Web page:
By Theodore Shoebat
Islam calls for the death of anyone who has a tonsure, or the standard hairstyle for a monk.
The case of Islam’s ‘rules of engagement’ is fancied by Muslim apologists as the example of restraint and equity in warfare which was revealed during the seventh century, when Abu Bakr, the successor to Muhammad, was about to conquer Syria, that he gave his troops a set of precepts to uphold, such as not to burn down trees, kill women and children, and other moral prohibitions to even sparing monks and hermits:
You will meet people who have set themselves apart in hermitages; leave them to accomplish the purpose for which they have done this. (1)
No one was to be killed, except for one, men with the dreaded hairstyle–the tonsure:
“You will meet people who have shaved the crowns of their heads, leaving a band of hair around it. Strike them with the sword.” (2)
Who would ever think that a hairstyle could reveal a mystery on the war between good evil?
Indeed, it was a hairstyle that was the mark for Muslims as to whom they should kill, a clue that was missed by so many scholars, orientalists, and even critics of Islam.
Why would the Muslims want to kill someone for having a tonsure while sparing others who don’t?
What symbolism can a hairstyle have that would provoke a religion to specifically punish anyone who exhibits it by death?
To find out, I had to dig deep into historical records to see how far the tonsure goes back in Christianity, and what meaning it had to the ancient Christians — indeed, it had to have had theological significance.
According to some traditions, the tonsure was observed by St. Paul when he shaved his head in Cenchrea:
“So Paul still remained a good while. Then he took leave of the brethren and sailed for Syria, and Priscilla and Aquila were with him. He had his hair cut off at Cenchrea, for he had taken a vow.” (Acts 18:18)
During my search, I came across one of the oldest documents ever written on the tonsure; it was a letter from the year 710 AD, written by an abbot named Ceolfrid, to Nechtan, the king of the Picts in England, in which he explained the tradition and significance of the tonsure:
But we are not shaven in the form of a crown solely because Peter was shorn in this way, but because Peter was shorn in this way in memory of our Lord’s Passion. Therefore we who desire to be saved by Christ’s Passion like Peter wear this sign of the Passion on the crown of the head, which is the highest part of the body. … Similarly, those who have taken monastic vows or are in Holy Orders should bind themselves to stricter self-discipline for our Lord’s sake, and wear their heads tonsured in the form of the crown of thorns which Christ wore on His head in His Passion, so that He might bear the thorns and briars of our sins and thus bear them away from us. In this way their own appearance will be a reminder to them to be willing and ready to suffer ridicule and disgrace for His sake, and a sign that they are always hoping to receive ‘the crown of everlasting life which the Lord hath promised to those that love Him’, and in order to win this crown regard both adversity and prosperity as of equal insignificance. (3)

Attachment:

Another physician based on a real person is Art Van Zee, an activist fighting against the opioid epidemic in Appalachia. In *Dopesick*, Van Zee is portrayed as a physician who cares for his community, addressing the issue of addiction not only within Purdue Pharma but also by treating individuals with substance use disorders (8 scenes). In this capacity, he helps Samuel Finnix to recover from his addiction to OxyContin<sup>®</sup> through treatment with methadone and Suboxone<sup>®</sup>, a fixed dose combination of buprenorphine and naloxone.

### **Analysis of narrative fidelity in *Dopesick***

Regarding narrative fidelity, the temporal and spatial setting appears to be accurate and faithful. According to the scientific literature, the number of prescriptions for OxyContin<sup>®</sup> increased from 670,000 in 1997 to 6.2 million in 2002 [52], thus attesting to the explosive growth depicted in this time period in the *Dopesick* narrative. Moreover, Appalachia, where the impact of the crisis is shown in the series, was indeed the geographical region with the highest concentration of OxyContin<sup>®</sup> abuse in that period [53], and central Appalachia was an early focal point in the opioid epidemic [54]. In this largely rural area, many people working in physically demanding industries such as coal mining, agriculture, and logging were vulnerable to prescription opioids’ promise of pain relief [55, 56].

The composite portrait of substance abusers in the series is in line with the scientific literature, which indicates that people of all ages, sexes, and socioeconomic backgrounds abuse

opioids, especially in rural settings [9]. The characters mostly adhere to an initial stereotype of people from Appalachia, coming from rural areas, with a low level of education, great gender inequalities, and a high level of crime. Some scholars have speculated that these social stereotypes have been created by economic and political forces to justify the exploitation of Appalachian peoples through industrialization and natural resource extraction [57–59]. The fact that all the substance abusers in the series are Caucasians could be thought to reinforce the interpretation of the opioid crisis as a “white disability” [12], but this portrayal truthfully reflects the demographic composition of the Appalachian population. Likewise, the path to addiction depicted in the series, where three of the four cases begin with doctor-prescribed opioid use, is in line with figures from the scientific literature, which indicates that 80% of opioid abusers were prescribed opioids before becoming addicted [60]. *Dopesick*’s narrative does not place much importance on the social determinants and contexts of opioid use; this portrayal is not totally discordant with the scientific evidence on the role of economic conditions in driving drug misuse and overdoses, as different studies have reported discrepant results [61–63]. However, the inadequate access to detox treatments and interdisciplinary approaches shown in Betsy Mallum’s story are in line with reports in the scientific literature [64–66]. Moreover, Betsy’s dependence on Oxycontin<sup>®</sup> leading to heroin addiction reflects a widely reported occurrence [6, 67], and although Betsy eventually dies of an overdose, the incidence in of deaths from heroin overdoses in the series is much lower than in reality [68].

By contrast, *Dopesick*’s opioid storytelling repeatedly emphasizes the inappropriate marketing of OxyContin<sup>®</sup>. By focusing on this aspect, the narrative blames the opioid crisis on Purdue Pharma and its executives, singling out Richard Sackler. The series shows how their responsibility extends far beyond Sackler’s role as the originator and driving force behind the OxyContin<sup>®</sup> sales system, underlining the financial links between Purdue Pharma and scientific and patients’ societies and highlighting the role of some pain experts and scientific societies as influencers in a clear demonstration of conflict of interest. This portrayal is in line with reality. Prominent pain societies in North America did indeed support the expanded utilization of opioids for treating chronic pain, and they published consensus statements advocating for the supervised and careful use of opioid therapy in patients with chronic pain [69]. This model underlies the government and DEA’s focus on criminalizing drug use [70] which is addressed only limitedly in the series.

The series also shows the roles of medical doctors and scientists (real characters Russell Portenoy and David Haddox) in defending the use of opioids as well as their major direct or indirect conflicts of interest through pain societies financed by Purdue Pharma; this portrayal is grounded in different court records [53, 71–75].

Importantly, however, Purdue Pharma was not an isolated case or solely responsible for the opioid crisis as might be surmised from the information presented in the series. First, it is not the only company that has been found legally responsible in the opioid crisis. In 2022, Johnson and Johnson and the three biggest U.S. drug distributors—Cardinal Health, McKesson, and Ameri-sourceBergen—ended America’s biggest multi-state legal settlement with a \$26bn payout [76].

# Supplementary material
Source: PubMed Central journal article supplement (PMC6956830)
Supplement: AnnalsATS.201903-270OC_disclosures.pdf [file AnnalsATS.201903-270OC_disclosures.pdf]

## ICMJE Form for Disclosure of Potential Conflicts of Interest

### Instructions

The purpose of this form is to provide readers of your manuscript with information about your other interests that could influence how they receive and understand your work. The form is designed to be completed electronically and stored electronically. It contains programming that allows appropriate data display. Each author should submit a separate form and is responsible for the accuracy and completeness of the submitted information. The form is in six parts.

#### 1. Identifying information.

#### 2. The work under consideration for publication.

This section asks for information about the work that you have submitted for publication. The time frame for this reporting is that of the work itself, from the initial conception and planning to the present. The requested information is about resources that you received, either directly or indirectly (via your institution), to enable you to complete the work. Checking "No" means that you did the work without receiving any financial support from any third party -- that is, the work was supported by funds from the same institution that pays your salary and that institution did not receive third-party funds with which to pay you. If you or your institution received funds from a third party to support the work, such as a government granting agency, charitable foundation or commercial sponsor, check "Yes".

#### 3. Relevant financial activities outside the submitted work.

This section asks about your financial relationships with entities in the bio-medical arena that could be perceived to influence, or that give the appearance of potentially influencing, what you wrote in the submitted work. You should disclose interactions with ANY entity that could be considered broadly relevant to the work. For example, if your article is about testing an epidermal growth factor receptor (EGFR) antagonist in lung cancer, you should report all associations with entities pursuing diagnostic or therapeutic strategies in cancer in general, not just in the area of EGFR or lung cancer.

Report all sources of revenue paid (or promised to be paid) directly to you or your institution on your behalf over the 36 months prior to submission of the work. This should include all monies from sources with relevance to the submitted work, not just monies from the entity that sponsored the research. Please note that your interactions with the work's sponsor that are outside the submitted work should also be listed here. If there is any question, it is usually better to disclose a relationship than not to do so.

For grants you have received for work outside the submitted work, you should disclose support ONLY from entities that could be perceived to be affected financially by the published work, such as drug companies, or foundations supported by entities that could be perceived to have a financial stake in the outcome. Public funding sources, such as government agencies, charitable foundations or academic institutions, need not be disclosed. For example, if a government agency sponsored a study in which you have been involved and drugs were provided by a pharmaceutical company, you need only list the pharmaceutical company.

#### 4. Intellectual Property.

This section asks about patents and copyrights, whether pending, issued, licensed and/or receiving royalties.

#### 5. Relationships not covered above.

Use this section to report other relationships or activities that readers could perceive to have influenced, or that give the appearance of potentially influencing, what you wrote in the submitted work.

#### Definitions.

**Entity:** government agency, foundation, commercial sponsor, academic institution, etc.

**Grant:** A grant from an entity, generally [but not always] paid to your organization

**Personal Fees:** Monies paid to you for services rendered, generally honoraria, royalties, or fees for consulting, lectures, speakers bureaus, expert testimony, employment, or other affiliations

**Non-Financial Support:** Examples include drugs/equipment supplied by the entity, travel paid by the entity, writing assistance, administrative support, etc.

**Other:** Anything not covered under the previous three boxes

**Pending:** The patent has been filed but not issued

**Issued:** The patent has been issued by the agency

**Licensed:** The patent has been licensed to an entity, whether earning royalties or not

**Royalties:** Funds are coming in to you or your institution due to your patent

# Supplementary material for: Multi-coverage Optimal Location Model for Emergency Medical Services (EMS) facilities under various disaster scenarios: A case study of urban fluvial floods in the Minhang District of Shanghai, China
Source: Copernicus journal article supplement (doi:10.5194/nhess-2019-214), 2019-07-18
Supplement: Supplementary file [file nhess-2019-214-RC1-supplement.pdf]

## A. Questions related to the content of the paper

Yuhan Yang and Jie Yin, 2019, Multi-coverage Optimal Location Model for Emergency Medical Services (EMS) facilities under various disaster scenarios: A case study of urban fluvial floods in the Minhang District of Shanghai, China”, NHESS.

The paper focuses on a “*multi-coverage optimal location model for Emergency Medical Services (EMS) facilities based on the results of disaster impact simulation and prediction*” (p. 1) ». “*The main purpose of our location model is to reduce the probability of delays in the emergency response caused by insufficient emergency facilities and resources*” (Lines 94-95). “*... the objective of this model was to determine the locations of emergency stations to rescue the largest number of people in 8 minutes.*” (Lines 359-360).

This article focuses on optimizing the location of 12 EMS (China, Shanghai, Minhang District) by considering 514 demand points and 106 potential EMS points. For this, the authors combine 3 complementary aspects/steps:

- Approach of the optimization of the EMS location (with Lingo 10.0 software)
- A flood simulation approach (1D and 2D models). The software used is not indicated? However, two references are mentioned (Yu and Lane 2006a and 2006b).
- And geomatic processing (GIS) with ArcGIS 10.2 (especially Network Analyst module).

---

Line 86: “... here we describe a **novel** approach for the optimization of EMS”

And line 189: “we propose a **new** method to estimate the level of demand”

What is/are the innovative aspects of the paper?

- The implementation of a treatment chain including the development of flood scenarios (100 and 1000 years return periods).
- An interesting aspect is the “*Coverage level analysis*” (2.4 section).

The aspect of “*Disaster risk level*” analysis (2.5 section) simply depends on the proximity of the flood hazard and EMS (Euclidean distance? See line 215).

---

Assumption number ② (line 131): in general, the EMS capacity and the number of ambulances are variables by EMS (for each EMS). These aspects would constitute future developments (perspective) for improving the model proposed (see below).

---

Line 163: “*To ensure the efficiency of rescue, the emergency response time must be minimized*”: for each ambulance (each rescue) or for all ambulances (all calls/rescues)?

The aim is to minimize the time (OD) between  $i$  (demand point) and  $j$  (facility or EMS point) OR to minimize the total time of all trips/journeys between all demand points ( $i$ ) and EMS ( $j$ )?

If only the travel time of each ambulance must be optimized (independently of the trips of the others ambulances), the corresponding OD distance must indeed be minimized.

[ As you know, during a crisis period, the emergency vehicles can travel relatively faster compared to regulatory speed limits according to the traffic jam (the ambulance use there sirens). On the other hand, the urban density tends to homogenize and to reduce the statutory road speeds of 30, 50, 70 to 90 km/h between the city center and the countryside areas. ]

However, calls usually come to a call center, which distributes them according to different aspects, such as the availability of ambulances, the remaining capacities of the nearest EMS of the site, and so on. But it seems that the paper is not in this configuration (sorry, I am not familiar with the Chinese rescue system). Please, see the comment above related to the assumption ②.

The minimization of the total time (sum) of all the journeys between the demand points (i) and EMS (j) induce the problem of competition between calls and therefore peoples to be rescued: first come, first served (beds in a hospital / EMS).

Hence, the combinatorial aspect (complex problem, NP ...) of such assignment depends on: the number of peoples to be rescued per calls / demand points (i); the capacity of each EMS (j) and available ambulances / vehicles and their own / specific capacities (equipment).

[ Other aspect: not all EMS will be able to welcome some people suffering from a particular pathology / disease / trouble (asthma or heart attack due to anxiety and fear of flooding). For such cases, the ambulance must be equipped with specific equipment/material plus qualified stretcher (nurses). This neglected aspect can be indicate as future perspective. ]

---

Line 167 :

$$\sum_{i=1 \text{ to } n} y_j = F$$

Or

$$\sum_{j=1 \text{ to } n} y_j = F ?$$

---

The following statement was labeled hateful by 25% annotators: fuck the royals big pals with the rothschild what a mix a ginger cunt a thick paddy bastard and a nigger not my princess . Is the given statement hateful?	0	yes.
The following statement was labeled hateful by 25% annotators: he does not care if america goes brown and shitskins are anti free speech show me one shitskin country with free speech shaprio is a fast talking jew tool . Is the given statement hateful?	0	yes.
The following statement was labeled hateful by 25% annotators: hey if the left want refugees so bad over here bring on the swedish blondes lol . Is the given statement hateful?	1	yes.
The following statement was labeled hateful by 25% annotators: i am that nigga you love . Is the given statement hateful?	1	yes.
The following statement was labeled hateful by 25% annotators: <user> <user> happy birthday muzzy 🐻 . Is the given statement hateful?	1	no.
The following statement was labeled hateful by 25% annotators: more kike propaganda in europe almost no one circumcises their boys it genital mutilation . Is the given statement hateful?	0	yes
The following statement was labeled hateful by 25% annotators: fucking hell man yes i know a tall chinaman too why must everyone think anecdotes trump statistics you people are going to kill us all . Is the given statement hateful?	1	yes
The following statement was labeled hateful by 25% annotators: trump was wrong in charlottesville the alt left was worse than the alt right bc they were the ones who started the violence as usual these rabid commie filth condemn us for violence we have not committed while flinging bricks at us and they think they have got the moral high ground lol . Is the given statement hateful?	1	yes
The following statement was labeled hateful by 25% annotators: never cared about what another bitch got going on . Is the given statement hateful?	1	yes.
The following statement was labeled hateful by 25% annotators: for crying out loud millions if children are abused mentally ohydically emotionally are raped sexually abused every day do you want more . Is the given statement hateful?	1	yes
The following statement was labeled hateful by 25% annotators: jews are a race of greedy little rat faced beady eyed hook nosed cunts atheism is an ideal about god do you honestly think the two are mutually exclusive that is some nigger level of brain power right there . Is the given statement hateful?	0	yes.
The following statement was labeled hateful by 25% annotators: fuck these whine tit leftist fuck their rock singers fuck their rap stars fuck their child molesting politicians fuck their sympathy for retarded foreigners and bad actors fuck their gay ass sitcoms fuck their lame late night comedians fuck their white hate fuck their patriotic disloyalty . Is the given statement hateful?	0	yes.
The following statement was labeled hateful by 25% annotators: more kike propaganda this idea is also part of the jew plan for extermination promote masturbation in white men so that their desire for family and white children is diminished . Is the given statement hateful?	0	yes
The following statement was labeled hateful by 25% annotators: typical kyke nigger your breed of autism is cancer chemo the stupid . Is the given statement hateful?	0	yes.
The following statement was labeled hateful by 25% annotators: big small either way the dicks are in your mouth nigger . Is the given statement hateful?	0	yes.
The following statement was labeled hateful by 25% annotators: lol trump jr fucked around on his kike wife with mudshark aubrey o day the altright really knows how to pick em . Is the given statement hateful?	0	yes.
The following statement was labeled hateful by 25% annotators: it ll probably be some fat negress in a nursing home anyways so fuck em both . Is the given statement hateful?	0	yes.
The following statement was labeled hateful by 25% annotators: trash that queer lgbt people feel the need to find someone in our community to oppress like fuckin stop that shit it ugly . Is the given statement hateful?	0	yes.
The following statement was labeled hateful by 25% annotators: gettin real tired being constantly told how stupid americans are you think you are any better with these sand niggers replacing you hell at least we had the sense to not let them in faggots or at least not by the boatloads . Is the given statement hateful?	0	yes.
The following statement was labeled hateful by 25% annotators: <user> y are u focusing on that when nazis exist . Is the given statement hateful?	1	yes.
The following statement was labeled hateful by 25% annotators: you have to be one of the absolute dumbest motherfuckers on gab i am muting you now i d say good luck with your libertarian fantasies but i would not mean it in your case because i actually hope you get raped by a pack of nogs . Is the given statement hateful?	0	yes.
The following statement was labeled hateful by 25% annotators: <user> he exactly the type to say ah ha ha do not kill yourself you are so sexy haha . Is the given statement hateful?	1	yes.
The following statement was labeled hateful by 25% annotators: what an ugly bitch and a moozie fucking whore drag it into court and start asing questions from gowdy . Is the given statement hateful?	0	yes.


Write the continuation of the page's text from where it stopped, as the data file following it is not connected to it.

So, the tonsure represented the crown of thorns placed on Christ’s head, and this would have been, to the Muslim spirit, a thing worthy of death since Islam teaches that Christ did not suffer.
But, in my quest to solve the mystery of why tonsures was the only exception, I found no one who commented on Islam’s command to destroy them, since it was embedded into a myriad of other commands on restraint, tolerance to even sparing the trees. In fact, most even avoided it. Muslim sympathizer, Fred M. Donner, renders this verse with a more watered down translation that when Muslim warriors “meet a people who have shaven the middle of their heads” to simply “tap them lightly with the sword”. (4)
But in reality, Abu Bakr was differentiating between two different types of orders: the Catholic, and the heretical, the former were to be killed, and the latter spared. The trait which determined which ones were to be beheaded was the specific tonsure shaped as a crown, since they were indeed distinctly Catholic.